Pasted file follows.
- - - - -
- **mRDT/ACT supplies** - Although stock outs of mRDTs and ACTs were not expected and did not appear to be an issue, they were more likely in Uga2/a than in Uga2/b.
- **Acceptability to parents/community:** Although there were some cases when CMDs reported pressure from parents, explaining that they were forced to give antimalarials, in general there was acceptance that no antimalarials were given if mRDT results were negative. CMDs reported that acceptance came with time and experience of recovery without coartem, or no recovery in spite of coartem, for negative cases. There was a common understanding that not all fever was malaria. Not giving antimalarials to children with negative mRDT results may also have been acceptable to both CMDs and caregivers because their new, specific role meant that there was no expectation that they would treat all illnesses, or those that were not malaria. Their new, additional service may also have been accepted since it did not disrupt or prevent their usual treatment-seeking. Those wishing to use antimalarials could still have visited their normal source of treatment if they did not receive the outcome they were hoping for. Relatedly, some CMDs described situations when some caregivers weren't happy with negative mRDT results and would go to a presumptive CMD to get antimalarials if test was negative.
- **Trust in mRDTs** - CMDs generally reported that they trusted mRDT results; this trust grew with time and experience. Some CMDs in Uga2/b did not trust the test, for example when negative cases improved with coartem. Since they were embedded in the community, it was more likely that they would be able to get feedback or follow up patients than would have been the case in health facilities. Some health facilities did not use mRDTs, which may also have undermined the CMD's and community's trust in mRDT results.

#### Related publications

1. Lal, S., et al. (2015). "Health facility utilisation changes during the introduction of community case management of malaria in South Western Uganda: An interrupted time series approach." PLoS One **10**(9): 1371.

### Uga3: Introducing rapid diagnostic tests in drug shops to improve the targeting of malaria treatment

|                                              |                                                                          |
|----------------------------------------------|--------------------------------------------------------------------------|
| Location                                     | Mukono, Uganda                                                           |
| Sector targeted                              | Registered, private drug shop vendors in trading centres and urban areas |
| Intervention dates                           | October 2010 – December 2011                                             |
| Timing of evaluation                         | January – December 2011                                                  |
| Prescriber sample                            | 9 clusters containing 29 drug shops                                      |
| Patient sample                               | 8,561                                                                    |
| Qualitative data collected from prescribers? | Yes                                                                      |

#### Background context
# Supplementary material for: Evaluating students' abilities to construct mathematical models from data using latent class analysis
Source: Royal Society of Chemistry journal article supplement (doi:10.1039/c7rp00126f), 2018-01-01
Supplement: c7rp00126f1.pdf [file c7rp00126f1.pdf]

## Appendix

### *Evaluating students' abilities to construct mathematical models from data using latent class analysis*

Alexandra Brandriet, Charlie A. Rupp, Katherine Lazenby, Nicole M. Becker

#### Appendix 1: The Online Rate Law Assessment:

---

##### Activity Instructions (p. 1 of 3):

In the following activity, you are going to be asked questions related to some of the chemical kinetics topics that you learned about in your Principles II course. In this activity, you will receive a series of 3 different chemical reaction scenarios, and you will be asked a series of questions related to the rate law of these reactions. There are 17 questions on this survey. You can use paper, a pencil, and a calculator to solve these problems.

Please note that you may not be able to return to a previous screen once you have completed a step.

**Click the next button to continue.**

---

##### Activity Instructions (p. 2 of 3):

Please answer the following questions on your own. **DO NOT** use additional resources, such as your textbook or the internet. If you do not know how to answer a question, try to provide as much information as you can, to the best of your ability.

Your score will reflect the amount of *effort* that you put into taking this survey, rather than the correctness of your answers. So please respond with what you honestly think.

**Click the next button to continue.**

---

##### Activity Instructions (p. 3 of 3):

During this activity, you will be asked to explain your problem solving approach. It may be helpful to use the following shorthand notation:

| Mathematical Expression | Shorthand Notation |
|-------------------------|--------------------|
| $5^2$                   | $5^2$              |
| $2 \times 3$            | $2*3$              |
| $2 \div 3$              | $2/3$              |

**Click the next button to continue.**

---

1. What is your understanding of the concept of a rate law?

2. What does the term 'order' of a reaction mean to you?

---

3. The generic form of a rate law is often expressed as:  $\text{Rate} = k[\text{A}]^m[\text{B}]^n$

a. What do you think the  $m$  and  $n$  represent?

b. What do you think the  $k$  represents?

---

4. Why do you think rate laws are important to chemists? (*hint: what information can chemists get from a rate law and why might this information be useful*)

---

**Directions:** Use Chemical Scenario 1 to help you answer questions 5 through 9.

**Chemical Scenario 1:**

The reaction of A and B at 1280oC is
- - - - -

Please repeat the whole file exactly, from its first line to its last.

- **mRDT/ACT supplies** - Although stock outs of mRDTs and ACTs were not expected and did not appear to be an issue, they were more likely in Uga2/a than in Uga2/b.
- **Acceptability to parents/community:** Although there were some cases when CMDs reported pressure from parents, explaining that they were forced to give antimalarials, in general there was acceptance that no antimalarials were given if mRDT results were negative. CMDs reported that acceptance came with time and experience of recovery without coartem, or no recovery in spite of coartem, for negative cases. There was a common understanding that not all fever was malaria. Not giving antimalarials to children with negative mRDT results may also have been acceptable to both CMDs and caregivers because their new, specific role meant that there was no expectation that they would treat all illnesses, or those that were not malaria. Their new, additional service may also have been accepted since it did not disrupt or prevent their usual treatment-seeking. Those wishing to use antimalarials could still have visited their normal source of treatment if they did not receive the outcome they were hoping for. Relatedly, some CMDs described situations when some caregivers weren't happy with negative mRDT results and would go to a presumptive CMD to get antimalarials if test was negative.
- **Trust in mRDTs** - CMDs generally reported that they trusted mRDT results; this trust grew with time and experience. Some CMDs in Uga2/b did not trust the test, for example when negative cases improved with coartem. Since they were embedded in the community, it was more likely that they would be able to get feedback or follow up patients than would have been the case in health facilities. Some health facilities did not use mRDTs, which may also have undermined the CMD's and community's trust in mRDT results.

#### Related publications

1. Lal, S., et al. (2015). "Health facility utilisation changes during the introduction of community case management of malaria in South Western Uganda: An interrupted time series approach." PLoS One **10**(9): 1371.

### Uga3: Introducing rapid diagnostic tests in drug shops to improve the targeting of malaria treatment

|                                              |                                                                          |
|----------------------------------------------|--------------------------------------------------------------------------|
| Location                                     | Mukono, Uganda                                                           |
| Sector targeted                              | Registered, private drug shop vendors in trading centres and urban areas |
| Intervention dates                           | October 2010 – December 2011                                             |
| Timing of evaluation                         | January – December 2011                                                  |
| Prescriber sample                            | 9 clusters containing 29 drug shops                                      |
| Patient sample                               | 8,561                                                                    |
| Qualitative data collected from prescribers? | Yes                                                                      |

#### Background context
# Supplementary material for: Evaluating students' abilities to construct mathematical models from data using latent class analysis
Source: Royal Society of Chemistry journal article supplement (doi:10.1039/c7rp00126f), 2018-01-01
Supplement: c7rp00126f1.pdf [file c7rp00126f1.pdf]

## Appendix

### *Evaluating students' abilities to construct mathematical models from data using latent class analysis*

Alexandra Brandriet, Charlie A. Rupp, Katherine Lazenby, Nicole M. Becker

#### Appendix 1: The Online Rate Law Assessment:

---

##### Activity Instructions (p. 1 of 3):

In the following activity, you are going to be asked questions related to some of the chemical kinetics topics that you learned about in your Principles II course. In this activity, you will receive a series of 3 different chemical reaction scenarios, and you will be asked a series of questions related to the rate law of these reactions. There are 17 questions on this survey. You can use paper, a pencil, and a calculator to solve these problems.

Please note that you may not be able to return to a previous screen once you have completed a step.

**Click the next button to continue.**

---

##### Activity Instructions (p. 2 of 3):

Please answer the following questions on your own. **DO NOT** use additional resources, such as your textbook or the internet. If you do not know how to answer a question, try to provide as much information as you can, to the best of your ability.

Your score will reflect the amount of *effort* that you put into taking this survey, rather than the correctness of your answers. So please respond with what you honestly think.

**Click the next button to continue.**

---

##### Activity Instructions (p. 3 of 3):

During this activity, you will be asked to explain your problem solving approach. It may be helpful to use the following shorthand notation:

| Mathematical Expression | Shorthand Notation |
|-------------------------|--------------------|
| $5^2$                   | $5^2$              |
| $2 \times 3$            | $2*3$              |
| $2 \div 3$              | $2/3$              |

**Click the next button to continue.**

---

1. What is your understanding of the concept of a rate law?

2. What does the term 'order' of a reaction mean to you?

---

3. The generic form of a rate law is often expressed as:  $\text{Rate} = k[\text{A}]^m[\text{B}]^n$

a. What do you think the  $m$  and  $n$  represent?

b. What do you think the  $k$  represents?

---

4. Why do you think rate laws are important to chemists? (*hint: what information can chemists get from a rate law and why might this information be useful*)

---

**Directions:** Use Chemical Scenario 1 to help you answer questions 5 through 9.

**Chemical Scenario 1:**

The reaction of A and B at 1280oC is